I am also reminded of this powerful connection right now, as the maple leaves are turning to fire and falling gently to the earth. Those leaves carry the scent of memories past, so many moments over time. Moments of jumping and burying myself in leaves, of chestnuts roasting, of raking leaves and preparing garden beds. The smell of the last of summer leaving as winter creeps ever closer.  The smell of the Fall Equinox making way to Samhain. It’s just a smell that is magic, connecting me deeply with one of my favorite times–and trees–upon the landscape.

 

When we’re thinking about connecting with nature with the senses, usually, our sight dominates. We’re looking for things. We’re observing. We are experiencing the world through its beauty and vision. I wrote about nature observation in a few ways earlier on this blog.  But, most of my previous posts have been focused on sight-based observation, and thus, perhaps the other senses are neglected. We spend a lot of time in our heads, almost in a disembodied state where our eyes put input directly to our brains (often from screens, etc).  When we breathe, we fill our lungs, which brings oxygen to our entire body.  We breathe into our heart spaces, allowing ourselves to be embodied and have more embodied experiences.  This allows us to experience the magic of nature, the enchantment of it, in a multitude of ways. Thus, the lichen and leaf experiences are powerful reminders about nature and the senses–and the importance of attending to our many senses if we want to fully connect and commune with nature.

 

Smell and the Gateway to Memory

 

Leaves - nutrients AND enjoyment!

Leaf jumping!

Smell is a gateway to memory. One of my earliest memories of any smell was spending time covered in leaves with my dad. My Dad and I would go out, we would rake up the beautiful sugar maple leaves, and after amassing a large pile, we would jump in them. Once we had finished jumping, we’d cover ourselves up in them, just laying there, laughing, and letting the smell of them permeate us.  Sugar maple leaves have a beautiful smell in the fall.  Again, I cannot put it into words, yet it is one of my favorite smells in the world. In the fall, each year I not only walk in the woods, but I rake up the leaves and jump in them because I want to experience that smell and that smell carries me back to an earlier time–a trigger for memory.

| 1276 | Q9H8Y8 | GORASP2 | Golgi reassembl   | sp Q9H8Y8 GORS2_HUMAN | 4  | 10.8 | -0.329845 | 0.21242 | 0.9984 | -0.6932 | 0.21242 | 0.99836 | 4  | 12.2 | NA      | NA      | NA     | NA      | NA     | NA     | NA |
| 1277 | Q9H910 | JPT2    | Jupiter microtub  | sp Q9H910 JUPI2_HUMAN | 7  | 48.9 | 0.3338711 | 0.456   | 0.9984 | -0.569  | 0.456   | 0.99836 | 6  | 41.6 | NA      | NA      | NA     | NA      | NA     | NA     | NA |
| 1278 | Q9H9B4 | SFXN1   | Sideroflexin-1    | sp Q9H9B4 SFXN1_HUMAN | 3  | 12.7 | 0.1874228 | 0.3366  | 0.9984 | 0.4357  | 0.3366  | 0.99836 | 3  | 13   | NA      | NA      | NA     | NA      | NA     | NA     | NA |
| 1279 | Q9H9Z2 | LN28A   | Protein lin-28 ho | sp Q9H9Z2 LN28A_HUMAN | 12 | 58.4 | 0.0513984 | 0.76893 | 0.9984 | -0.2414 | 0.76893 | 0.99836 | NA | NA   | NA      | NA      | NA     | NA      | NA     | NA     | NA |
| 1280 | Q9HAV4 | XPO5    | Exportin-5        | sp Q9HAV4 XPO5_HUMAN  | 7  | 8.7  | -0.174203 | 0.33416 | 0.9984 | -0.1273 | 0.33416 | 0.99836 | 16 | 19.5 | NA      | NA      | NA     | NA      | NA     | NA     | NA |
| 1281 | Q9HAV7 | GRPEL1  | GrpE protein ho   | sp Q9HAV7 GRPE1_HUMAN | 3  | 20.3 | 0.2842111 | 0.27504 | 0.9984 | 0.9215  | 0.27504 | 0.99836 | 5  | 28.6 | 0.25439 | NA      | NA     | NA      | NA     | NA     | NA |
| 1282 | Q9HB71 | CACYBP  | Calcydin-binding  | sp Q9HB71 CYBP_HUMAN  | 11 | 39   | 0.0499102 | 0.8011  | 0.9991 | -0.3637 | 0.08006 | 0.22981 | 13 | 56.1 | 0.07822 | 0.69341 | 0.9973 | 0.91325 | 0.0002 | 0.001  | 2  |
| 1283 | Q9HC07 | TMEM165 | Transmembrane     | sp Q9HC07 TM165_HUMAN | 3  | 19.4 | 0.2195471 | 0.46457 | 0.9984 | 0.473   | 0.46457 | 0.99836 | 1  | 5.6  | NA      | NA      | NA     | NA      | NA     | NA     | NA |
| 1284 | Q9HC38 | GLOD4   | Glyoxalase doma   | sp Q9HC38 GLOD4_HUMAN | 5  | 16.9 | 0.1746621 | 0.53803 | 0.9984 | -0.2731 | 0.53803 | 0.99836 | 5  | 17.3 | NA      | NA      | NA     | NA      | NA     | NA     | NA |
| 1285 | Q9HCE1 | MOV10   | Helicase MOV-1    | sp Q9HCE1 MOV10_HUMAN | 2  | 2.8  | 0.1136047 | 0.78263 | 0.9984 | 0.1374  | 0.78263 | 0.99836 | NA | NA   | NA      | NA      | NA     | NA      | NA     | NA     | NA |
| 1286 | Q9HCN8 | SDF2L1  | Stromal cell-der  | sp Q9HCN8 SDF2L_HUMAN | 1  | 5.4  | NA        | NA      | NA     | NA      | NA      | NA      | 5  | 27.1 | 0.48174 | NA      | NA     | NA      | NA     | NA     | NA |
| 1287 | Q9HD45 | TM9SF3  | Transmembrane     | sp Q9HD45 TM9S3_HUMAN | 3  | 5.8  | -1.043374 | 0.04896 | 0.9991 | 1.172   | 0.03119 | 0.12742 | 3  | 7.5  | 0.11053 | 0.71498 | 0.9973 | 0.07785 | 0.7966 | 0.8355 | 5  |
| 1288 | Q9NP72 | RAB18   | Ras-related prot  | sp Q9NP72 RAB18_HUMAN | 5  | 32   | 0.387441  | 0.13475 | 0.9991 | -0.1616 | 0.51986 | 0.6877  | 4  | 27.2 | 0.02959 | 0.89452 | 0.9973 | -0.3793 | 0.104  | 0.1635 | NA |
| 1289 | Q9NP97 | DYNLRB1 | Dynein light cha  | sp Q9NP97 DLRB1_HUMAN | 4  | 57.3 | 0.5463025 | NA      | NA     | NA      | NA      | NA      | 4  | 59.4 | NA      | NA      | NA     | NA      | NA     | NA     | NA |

Three Deep Breaths

Smell is powerful; it is connected to our in-breath, into things coming into us, filling our lungs, engaging with our senses. Why does a forest smell so much better than a factory?  Its the smell of life, of earth, of nature.  When you go into the natural place, far from pollution and industrialization, you might begin by taking three deep breaths. We do this at the beginning of all OBOD rituals. Take three deep breaths together with the earth beneath us; together with the sky above us; together with the waters, lakes, and rivers around us. And as we take those three deep breaths, we are rooted in our sense of smell in that place.

 

Spirit of Yarrow

Spirit of Yarrow, Plant Spirit Oracle

As I was working on this post, I stuck my nose deep in a yarrow plant, blooming for the last time this season before the final frost kills it till next year. I know what Yarrow looks like. I know what Yarrow tastes like fresh, in tincture, and in tea. I know what her crushed leaves, often used for medicine, smell like. I know even what burning Yarrow smells like in a smudge stick.  But yesterday, I closed my eyes and inhaled deeply into the last yarrow bloom of the season. I was actually quite surprised: her flower is a bit dank and skunky.  I learned something new about yarrow and deepened my connection with her in a powerful way through that experience.